The Chesapeake Bay restoration effort is slated to get increased federal funding this year, though less than advocates had been hoping for just a few months ago.
The $1.5 trillion “omnibus” funding package, which finances the federal government for the remainder of this fiscal year, was signed by President Biden on March 15 and will boost spending for the U.S. Environmental Protection Agency’s Chesapeake Bay Program Office in Annapolis to $88 million this year.
That’s up from $87.5 million last year but is less than the $3 million increase that the Biden administration and many advocacy groups had requested.
The Bay Program Office coordinates the federal-state partnership that conducts monitoring, computer modeling, and research efforts related to Chesapeake restoration efforts. More than two-thirds of the money goes toward grants related to cleanup activities.
But the annual spending bill doesn’t provide the full picture of federal funding for the Bay. The Infrastructure Investment and Jobs Act approved by Congress last year provided an additional $238 million for the Bay Program over five years — including $46.7 million this year — though the EPA has yet to determine how that money will be spent. Many other Bay-related initiatives will benefit from the infrastructure bill, but most of those funding decisions have not been made either.
Meanwhile, this year’s omnibus spending package also included $4 million for the new Chesapeake Bay Watershed Investments for Landscape Defense (WILD) initiative. That is a competitive grant program created in 2020 to support local efforts to conserve wetlands, reduce pollution, and restore fish and wildlife habitats. This is the first time that funding has been allocated for the program, but it is less than the $15 million advocates had hoped for.
“Thriving habitat is vital to the health of the Bay watershed, and Chesapeake WILD will make much-needed investments in restoration projects across the region,” said Denise Stranko, federal executive director of the Chesapeake Bay Foundation. She added that the organization “is eager to see [Chesapeake WILD] get a larger budget increase in the fiscal year 2023 so watershed communities can take full advantage of this new funding source.”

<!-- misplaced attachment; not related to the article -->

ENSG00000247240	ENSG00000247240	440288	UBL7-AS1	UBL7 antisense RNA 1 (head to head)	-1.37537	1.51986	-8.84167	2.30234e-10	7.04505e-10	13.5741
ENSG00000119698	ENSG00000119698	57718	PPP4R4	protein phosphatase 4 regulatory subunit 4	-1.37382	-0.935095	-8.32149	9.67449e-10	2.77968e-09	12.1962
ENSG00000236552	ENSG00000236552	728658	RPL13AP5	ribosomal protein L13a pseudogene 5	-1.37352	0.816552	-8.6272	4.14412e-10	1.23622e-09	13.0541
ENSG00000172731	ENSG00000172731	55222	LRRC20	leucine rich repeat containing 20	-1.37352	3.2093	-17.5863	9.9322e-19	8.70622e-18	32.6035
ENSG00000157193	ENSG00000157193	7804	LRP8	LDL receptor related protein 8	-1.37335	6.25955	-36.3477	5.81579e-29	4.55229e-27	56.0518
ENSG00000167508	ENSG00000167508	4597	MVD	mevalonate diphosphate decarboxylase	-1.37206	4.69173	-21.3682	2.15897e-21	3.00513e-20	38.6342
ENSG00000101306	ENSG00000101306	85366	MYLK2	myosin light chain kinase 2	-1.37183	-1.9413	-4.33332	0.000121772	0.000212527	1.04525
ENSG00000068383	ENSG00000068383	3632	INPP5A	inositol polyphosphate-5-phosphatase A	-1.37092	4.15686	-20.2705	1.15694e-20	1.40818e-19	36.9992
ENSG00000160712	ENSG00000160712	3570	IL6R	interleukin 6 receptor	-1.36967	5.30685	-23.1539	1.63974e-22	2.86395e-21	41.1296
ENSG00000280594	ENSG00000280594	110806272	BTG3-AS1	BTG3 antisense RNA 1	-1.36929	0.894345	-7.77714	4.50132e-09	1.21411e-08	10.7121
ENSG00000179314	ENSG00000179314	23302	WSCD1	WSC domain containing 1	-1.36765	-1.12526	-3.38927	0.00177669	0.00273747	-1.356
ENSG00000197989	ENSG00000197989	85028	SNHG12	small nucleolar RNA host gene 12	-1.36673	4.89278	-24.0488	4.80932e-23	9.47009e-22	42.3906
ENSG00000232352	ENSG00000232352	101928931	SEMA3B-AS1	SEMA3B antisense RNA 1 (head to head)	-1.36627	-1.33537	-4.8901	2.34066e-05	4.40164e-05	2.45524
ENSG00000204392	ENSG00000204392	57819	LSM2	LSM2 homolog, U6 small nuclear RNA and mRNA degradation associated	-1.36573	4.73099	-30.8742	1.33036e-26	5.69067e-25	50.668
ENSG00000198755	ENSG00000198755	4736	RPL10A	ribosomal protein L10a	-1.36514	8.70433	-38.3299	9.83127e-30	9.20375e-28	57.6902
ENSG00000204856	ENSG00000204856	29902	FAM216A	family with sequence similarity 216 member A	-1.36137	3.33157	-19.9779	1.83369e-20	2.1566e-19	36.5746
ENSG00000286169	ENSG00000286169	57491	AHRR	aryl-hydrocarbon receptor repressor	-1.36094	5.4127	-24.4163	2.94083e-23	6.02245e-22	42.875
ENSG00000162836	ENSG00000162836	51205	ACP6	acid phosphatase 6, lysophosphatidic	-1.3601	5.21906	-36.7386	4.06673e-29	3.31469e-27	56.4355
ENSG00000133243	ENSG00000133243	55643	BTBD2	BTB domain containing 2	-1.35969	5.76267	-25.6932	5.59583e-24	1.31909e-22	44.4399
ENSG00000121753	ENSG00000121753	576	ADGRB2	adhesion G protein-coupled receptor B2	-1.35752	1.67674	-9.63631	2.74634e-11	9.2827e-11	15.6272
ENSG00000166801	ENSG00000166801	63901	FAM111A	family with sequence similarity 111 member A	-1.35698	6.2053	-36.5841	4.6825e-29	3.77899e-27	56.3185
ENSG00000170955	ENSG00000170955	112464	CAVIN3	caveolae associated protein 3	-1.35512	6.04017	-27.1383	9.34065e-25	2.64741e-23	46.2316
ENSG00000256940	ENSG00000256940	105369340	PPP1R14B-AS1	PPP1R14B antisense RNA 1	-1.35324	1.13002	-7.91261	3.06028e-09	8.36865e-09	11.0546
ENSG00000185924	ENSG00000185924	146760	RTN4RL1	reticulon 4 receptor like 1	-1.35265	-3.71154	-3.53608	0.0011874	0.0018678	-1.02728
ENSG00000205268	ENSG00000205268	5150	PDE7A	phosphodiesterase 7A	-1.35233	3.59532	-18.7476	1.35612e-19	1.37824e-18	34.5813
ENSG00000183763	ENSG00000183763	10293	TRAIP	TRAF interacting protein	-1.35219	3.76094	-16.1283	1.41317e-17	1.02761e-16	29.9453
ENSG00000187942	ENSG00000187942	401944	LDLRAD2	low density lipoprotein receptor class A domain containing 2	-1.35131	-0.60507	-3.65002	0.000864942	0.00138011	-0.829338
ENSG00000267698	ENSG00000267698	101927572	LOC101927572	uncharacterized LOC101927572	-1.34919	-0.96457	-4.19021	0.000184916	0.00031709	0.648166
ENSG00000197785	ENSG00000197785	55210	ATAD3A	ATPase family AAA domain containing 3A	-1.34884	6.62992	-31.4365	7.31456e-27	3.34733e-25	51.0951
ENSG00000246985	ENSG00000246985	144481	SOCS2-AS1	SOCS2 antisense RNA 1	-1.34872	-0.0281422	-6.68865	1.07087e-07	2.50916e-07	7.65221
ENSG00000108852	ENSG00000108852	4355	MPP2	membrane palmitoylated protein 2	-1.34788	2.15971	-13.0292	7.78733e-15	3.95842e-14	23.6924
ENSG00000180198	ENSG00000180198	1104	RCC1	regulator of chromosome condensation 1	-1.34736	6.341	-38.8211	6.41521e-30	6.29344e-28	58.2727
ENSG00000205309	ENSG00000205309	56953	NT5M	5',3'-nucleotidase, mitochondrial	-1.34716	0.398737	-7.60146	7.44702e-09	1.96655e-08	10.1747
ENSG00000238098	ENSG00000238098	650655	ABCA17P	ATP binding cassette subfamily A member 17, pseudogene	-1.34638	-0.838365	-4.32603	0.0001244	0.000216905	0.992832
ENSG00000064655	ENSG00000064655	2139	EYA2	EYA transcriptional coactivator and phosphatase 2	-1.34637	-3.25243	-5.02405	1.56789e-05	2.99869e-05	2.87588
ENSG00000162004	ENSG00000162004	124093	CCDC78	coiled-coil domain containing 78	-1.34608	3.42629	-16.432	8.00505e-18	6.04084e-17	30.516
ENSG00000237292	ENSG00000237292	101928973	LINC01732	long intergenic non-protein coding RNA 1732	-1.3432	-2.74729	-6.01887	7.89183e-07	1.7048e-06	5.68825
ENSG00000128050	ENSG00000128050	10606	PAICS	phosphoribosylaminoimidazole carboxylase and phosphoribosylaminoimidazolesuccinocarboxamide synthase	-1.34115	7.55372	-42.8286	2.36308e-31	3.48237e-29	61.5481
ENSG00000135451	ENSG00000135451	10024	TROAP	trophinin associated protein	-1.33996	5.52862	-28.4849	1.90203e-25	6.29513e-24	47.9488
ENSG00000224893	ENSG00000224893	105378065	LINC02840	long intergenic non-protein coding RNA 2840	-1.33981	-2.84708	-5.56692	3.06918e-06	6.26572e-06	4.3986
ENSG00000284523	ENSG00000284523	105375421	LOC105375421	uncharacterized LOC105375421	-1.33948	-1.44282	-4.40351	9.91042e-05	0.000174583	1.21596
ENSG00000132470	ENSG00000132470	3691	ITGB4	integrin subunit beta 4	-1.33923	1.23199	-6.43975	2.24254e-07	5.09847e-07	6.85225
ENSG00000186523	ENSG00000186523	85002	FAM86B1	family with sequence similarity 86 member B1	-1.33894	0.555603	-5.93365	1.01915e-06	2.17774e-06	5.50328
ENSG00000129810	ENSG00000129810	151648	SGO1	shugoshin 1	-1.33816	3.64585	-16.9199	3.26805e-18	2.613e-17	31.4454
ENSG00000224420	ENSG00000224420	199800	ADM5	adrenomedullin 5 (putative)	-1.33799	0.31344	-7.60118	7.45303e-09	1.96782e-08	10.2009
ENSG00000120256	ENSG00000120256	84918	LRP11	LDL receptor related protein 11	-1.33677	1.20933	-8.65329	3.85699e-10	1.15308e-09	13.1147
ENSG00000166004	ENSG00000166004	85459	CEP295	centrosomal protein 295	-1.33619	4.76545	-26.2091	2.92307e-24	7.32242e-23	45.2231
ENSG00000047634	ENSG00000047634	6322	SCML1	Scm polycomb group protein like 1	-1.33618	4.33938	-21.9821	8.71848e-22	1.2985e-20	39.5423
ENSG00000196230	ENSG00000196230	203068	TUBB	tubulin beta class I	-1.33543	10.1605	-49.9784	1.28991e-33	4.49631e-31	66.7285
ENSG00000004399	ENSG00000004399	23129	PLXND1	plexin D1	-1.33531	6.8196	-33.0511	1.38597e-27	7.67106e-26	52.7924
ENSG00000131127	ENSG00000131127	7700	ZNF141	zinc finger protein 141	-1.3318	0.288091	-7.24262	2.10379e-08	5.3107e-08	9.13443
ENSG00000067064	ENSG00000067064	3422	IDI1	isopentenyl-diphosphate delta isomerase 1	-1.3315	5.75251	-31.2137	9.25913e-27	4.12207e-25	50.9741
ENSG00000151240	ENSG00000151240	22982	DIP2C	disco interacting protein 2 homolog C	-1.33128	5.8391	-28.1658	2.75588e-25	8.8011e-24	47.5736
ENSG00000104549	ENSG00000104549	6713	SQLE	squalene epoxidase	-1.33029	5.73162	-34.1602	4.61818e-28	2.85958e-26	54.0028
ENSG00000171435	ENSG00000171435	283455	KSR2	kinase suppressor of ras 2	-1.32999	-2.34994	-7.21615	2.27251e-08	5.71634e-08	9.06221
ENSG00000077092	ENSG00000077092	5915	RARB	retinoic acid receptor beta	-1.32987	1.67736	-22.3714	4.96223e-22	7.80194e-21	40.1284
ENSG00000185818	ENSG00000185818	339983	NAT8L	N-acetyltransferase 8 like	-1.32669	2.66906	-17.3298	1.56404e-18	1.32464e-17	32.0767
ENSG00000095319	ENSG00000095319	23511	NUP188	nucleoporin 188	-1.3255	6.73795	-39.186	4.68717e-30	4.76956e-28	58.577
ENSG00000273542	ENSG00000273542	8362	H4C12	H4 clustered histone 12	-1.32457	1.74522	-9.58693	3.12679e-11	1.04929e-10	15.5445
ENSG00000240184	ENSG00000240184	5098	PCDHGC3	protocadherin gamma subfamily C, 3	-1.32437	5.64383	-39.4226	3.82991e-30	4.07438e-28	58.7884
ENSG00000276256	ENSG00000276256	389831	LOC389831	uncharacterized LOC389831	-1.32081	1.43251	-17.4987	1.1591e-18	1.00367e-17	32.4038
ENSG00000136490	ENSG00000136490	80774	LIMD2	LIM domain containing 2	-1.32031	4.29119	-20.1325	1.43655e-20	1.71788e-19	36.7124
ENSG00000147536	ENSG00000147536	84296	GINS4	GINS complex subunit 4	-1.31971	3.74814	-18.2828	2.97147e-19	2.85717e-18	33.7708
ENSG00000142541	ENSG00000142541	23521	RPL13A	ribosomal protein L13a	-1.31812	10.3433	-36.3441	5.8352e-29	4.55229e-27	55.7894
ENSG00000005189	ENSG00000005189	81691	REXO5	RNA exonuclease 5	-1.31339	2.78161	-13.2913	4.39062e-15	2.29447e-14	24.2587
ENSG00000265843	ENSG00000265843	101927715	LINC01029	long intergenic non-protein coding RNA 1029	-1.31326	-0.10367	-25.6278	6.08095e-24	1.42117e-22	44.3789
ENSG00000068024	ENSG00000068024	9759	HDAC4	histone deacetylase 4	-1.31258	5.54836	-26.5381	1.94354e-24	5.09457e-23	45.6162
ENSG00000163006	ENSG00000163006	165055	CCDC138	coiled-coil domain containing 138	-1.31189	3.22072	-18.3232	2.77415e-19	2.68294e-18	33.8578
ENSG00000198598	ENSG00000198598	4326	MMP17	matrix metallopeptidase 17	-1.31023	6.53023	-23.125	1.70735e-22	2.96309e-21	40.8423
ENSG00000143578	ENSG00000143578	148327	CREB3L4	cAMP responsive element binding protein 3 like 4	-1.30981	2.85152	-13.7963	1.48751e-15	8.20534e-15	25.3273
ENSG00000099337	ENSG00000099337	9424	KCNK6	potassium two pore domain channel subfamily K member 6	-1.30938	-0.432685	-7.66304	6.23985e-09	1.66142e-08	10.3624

The spending package also includes a nationwide increase from $734 million to $760 million in funding to provide technical assistance for farmers who want to take part in U.S. Department of Agriculture conservation programs. Increased funding for such one-on-one farmer assistance is considered essential to boost participation in those programs.
The package also includes $2 million in Land and Water Conservation Fund money to protect Fones Cliffs, part of the Rappahannock River National Wildlife Refuge in Virginia. Fones Cliffs have been a high priority for conservation groups in recent years.
Reed Perry, the Chesapeake Conservancy’s manager of external affairs, called the site “a treasure and an important part of the ancestral lands of the Rappahannock Tribe. This funding will help to protect this iconic and endangered landscape and preserve a vital part of the Chesapeake’s history and culture.”
The National Park Service Chesapeake Bay Office will receive $3 million for its Chesapeake Bay Gateways and Watertrails program, which provides financial and technical support for water access projects, educational programming, and interpretation of the Bay’s natural, cultural and historical resources.
In addition, the Army Corps of Engineers is receiving $3.88 million for Chesapeake Bay oyster restoration in Maryland and Virginia rivers.
The Corps is also getting $30 million for Anacostia Watershed restoration work, which will be used to restore 7 miles of instream habitat, open 4 miles for fish passage and connect 14 miles to previously restored stream reaches in Prince George’s County, MD.
This article was oringally published on The Bay Journal.